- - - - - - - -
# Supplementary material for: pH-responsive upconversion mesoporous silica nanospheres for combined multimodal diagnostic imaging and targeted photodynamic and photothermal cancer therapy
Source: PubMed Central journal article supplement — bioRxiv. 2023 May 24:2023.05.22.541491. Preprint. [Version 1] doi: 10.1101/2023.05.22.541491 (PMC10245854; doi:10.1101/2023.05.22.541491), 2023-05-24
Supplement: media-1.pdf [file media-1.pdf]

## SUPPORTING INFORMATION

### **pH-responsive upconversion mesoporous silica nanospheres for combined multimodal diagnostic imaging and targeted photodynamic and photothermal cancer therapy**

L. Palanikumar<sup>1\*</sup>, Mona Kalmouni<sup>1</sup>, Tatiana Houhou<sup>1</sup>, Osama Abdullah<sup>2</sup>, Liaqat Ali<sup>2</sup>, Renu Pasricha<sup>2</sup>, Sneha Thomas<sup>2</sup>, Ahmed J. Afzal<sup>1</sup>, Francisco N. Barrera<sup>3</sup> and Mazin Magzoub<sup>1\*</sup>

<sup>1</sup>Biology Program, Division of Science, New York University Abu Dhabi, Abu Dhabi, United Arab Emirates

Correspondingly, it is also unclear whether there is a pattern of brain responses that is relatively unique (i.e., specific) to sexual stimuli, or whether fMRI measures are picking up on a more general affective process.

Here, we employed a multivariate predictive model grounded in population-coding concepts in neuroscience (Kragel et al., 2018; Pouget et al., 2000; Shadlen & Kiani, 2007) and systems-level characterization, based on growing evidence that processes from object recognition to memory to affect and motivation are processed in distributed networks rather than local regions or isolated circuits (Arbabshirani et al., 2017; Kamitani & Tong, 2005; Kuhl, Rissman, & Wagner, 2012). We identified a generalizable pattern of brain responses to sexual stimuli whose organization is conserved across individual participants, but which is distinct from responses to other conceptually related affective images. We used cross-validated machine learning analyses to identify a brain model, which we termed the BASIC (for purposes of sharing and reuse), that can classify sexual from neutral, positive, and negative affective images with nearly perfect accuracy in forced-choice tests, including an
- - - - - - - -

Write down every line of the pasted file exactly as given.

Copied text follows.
# Supplementary material for: pH-responsive upconversion mesoporous silica nanospheres for combined multimodal diagnostic imaging and targeted photodynamic and photothermal cancer therapy
Source: PubMed Central journal article supplement — bioRxiv. 2023 May 24:2023.05.22.541491. Preprint. [Version 1] doi: 10.1101/2023.05.22.541491 (PMC10245854; doi:10.1101/2023.05.22.541491), 2023-05-24
Supplement: media-1.pdf [file media-1.pdf]

## SUPPORTING INFORMATION

### **pH-responsive upconversion mesoporous silica nanospheres for combined multimodal diagnostic imaging and targeted photodynamic and photothermal cancer therapy**

L. Palanikumar<sup>1\*</sup>, Mona Kalmouni<sup>1</sup>, Tatiana Houhou<sup>1</sup>, Osama Abdullah<sup>2</sup>, Liaqat Ali<sup>2</sup>, Renu Pasricha<sup>2</sup>, Sneha Thomas<sup>2</sup>, Ahmed J. Afzal<sup>1</sup>, Francisco N. Barrera<sup>3</sup> and Mazin Magzoub<sup>1\*</sup>

<sup>1</sup>Biology Program, Division of Science, New York University Abu Dhabi, Abu Dhabi, United Arab Emirates

Correspondingly, it is also unclear whether there is a pattern of brain responses that is relatively unique (i.e., specific) to sexual stimuli, or whether fMRI measures are picking up on a more general affective process.

Here, we employed a multivariate predictive model grounded in population-coding concepts in neuroscience (Kragel et al., 2018; Pouget et al., 2000; Shadlen & Kiani, 2007) and systems-level characterization, based on growing evidence that processes from object recognition to memory to affect and motivation are processed in distributed networks rather than local regions or isolated circuits (Arbabshirani et al., 2017; Kamitani & Tong, 2005; Kuhl, Rissman, & Wagner, 2012). We identified a generalizable pattern of brain responses to sexual stimuli whose organization is conserved across individual participants, but which is distinct from responses to other conceptually related affective images. We used cross-validated machine learning analyses to identify a brain model, which we termed the BASIC (for purposes of sharing and reuse), that can classify sexual from neutral, positive, and negative affective images with nearly perfect accuracy in forced-choice tests, including an